Using a newly-developed pupillary response test that is 92.5% accurate, researchers from the University of Missouri have demonstrated that children with autism have slower pupillary responses to light. Results were published in the November issue of Journal of Autism and Development Disorders.

The researchers used a computerized binocular infrared device to measure pupillary reaction to a 100-millisecond flash of light, or pupillary light response (PLR). Results showed that the response times of 24 children with autism were significantly greater than those of the 44 children in the control group.

“We found that children with autism showed significant differences in several PLR parameters compared to those with typical development,” says Gang Yao, Ph.D., associate professor of biological engineering at the University of Missouri. “There are several potential mechanisms currently under study. If these results are successfully validated in a larger population, PLR responses might be developed into a biomarker that could have clinical implications in early screening for risks of autism.” Early intervention may aid or improve such children’s developmental outcome, he adds.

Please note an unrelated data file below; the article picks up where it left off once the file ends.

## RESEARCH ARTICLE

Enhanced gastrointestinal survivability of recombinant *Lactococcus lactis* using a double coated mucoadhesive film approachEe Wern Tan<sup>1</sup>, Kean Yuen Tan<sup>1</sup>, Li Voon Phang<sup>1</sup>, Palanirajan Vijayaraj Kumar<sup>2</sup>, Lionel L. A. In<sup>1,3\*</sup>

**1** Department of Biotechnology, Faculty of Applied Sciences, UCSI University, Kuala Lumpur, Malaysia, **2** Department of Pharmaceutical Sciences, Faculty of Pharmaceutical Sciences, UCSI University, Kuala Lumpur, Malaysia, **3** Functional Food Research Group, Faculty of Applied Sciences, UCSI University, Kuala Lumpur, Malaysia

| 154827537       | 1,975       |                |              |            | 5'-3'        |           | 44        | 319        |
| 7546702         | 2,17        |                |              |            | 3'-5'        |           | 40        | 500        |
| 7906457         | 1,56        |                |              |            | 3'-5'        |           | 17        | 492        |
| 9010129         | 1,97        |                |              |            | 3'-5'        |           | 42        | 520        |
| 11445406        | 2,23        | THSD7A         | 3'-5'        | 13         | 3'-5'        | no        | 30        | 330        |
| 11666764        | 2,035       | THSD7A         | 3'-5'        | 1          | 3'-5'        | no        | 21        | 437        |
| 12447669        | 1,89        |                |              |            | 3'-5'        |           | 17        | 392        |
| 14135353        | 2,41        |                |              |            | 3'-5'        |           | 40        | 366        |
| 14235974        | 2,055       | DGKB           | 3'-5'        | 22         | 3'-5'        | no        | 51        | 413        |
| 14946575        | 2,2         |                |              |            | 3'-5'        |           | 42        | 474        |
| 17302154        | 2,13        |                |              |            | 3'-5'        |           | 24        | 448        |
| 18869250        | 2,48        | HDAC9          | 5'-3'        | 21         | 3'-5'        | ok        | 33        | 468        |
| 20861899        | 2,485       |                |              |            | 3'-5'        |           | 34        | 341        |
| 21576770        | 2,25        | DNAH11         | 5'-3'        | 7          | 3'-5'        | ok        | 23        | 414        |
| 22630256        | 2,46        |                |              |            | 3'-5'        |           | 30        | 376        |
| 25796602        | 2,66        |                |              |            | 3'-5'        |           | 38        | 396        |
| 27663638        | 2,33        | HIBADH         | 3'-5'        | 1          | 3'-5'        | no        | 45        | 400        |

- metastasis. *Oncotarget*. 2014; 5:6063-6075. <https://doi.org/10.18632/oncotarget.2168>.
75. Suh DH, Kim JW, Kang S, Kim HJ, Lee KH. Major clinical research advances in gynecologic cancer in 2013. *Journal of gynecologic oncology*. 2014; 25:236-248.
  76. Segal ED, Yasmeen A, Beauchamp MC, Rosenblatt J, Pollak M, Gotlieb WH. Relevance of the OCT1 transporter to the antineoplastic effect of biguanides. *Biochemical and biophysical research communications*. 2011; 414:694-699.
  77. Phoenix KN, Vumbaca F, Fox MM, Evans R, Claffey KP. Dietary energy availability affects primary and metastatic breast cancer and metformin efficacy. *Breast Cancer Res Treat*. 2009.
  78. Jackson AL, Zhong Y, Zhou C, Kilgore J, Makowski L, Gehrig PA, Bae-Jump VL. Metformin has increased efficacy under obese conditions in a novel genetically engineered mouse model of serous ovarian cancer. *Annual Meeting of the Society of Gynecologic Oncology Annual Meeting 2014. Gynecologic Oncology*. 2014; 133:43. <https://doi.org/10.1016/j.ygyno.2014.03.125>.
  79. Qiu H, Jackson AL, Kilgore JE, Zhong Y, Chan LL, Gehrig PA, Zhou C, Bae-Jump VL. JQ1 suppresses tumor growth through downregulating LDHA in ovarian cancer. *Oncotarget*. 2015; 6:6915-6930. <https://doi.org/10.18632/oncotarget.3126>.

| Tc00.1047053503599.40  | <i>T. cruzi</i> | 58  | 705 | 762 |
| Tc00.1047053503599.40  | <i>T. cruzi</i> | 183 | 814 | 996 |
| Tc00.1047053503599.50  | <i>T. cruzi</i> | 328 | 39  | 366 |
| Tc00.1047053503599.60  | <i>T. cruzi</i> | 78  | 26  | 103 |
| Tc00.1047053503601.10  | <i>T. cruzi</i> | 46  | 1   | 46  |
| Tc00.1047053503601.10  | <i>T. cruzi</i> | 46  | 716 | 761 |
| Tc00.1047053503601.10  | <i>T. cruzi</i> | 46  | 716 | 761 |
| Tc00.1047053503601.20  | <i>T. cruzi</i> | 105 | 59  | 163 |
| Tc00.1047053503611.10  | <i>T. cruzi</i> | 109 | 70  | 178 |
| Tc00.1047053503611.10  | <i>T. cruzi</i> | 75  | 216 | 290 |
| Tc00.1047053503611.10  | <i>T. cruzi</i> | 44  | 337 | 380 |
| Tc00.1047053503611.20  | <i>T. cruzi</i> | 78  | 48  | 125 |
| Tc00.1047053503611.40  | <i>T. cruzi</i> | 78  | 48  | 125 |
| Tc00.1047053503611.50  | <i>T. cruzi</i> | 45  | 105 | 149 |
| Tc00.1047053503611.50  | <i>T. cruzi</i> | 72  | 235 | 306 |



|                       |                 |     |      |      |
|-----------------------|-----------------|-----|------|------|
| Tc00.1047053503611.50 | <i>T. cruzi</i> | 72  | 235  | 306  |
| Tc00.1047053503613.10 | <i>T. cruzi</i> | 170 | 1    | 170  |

The researchers have received a grant from the National Institute of Health for continued research, which they hope will encompass additional conditions associated with PLR and autism. They also hope to use their findings to analyze neurodevelopmental characteristics of the autistic brain.

Fan X, Miles JH, Takahaski N, Yao G. Abnormal transient pupillary light reflex in individuals with autism spectrum disorders. J Autism Dev Disord. 2009 Nov;39(11):1499.